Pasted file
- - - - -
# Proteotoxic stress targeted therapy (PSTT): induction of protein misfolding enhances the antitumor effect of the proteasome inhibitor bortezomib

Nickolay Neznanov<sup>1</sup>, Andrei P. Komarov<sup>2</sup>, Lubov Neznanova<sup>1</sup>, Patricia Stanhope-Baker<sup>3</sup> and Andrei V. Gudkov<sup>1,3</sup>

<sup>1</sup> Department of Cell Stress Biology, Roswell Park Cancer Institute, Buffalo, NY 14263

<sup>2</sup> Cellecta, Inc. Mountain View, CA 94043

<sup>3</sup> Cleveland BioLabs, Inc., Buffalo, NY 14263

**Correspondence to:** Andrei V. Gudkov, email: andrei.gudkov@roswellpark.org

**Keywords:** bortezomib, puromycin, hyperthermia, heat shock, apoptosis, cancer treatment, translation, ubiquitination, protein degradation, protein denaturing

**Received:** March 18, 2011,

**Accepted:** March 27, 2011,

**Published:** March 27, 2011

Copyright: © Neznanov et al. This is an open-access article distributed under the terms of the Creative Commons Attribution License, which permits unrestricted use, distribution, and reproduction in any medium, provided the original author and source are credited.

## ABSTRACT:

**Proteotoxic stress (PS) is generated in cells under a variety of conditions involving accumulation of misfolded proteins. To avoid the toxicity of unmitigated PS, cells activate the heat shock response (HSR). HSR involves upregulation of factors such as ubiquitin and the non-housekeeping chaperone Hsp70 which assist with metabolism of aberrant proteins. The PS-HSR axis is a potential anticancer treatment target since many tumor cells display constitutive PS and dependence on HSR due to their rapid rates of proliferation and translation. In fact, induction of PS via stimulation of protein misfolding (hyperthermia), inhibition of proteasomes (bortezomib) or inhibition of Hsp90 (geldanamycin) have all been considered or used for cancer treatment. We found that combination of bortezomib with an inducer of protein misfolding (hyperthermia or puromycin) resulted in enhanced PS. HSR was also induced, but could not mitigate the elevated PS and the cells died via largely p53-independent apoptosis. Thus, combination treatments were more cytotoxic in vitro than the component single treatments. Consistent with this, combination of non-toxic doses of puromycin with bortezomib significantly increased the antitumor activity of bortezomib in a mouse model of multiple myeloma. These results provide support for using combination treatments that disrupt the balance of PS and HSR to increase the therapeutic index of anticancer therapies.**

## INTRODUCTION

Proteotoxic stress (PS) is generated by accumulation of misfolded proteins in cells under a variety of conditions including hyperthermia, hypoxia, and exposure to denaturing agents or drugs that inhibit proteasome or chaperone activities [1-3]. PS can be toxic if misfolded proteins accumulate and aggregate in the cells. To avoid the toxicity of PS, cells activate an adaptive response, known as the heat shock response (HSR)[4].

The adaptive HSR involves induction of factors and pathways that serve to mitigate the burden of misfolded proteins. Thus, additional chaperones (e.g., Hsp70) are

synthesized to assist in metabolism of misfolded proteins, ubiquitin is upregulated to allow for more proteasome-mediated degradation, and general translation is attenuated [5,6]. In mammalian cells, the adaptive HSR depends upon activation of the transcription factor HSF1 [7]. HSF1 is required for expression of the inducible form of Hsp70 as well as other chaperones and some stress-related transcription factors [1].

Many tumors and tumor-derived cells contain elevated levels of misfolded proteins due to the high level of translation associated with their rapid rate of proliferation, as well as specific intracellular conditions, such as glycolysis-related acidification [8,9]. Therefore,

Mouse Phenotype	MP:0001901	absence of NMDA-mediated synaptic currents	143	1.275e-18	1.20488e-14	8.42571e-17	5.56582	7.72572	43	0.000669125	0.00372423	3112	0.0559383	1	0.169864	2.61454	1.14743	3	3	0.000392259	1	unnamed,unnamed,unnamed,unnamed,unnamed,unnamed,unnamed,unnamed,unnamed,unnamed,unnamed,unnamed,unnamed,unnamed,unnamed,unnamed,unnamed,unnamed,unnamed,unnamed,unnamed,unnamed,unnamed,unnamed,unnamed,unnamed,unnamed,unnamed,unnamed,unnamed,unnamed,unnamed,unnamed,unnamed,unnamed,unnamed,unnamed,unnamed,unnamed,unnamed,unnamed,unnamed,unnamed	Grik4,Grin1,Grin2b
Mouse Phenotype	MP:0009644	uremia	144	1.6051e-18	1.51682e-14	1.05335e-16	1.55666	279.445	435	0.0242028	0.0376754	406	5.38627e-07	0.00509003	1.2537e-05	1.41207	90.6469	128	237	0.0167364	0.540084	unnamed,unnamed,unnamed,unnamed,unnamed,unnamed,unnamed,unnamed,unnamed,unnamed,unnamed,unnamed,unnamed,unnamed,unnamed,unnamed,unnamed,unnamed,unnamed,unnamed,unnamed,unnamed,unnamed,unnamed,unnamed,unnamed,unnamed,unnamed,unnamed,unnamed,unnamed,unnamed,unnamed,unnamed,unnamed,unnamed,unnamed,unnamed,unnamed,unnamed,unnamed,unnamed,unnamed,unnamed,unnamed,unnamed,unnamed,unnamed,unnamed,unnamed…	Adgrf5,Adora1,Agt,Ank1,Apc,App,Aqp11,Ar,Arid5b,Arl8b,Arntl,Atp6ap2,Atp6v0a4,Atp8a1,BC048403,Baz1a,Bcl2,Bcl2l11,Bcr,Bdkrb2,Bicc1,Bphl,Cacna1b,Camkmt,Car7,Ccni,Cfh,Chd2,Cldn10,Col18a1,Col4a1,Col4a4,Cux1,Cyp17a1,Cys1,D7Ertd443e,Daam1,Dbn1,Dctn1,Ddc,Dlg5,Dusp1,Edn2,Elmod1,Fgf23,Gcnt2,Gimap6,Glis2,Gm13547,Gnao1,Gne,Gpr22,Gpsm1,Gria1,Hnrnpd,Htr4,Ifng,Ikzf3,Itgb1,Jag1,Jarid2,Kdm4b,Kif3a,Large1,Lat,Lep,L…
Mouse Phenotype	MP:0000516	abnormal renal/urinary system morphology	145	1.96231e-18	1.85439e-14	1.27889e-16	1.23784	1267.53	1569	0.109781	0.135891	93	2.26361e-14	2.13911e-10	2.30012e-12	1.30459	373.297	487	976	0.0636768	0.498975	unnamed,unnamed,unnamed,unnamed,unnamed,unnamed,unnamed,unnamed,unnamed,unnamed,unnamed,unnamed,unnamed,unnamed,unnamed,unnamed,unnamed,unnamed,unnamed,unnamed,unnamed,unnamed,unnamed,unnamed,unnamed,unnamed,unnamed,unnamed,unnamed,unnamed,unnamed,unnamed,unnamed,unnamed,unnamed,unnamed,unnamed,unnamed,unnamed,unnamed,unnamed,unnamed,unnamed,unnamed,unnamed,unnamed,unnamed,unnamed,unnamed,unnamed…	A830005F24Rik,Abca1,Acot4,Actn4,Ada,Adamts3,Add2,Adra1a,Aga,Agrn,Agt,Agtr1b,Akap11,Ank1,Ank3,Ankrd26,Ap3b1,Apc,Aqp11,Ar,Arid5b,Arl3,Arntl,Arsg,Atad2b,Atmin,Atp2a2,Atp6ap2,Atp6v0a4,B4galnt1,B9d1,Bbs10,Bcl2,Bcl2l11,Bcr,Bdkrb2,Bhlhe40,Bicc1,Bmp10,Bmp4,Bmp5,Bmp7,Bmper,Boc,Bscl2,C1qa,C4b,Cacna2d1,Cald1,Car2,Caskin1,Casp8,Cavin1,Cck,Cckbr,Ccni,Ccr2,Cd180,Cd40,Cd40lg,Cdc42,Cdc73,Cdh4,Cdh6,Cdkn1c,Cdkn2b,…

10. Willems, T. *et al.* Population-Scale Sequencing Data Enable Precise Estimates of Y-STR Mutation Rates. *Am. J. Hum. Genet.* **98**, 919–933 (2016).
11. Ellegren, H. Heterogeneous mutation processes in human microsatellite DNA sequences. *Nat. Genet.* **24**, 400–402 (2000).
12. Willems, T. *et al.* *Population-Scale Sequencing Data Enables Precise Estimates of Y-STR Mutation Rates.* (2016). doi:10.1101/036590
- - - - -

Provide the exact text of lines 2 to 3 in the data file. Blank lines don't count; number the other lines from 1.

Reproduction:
Nickolay Neznanov<sup>1</sup>, Andrei P. Komarov<sup>2</sup>, Lubov Neznanova<sup>1</sup>, Patricia Stanhope-Baker<sup>3</sup> and Andrei V. Gudkov<sup>1,3</sup>

<sup>1</sup> Department of Cell Stress Biology, Roswell Park Cancer Institute, Buffalo, NY 14263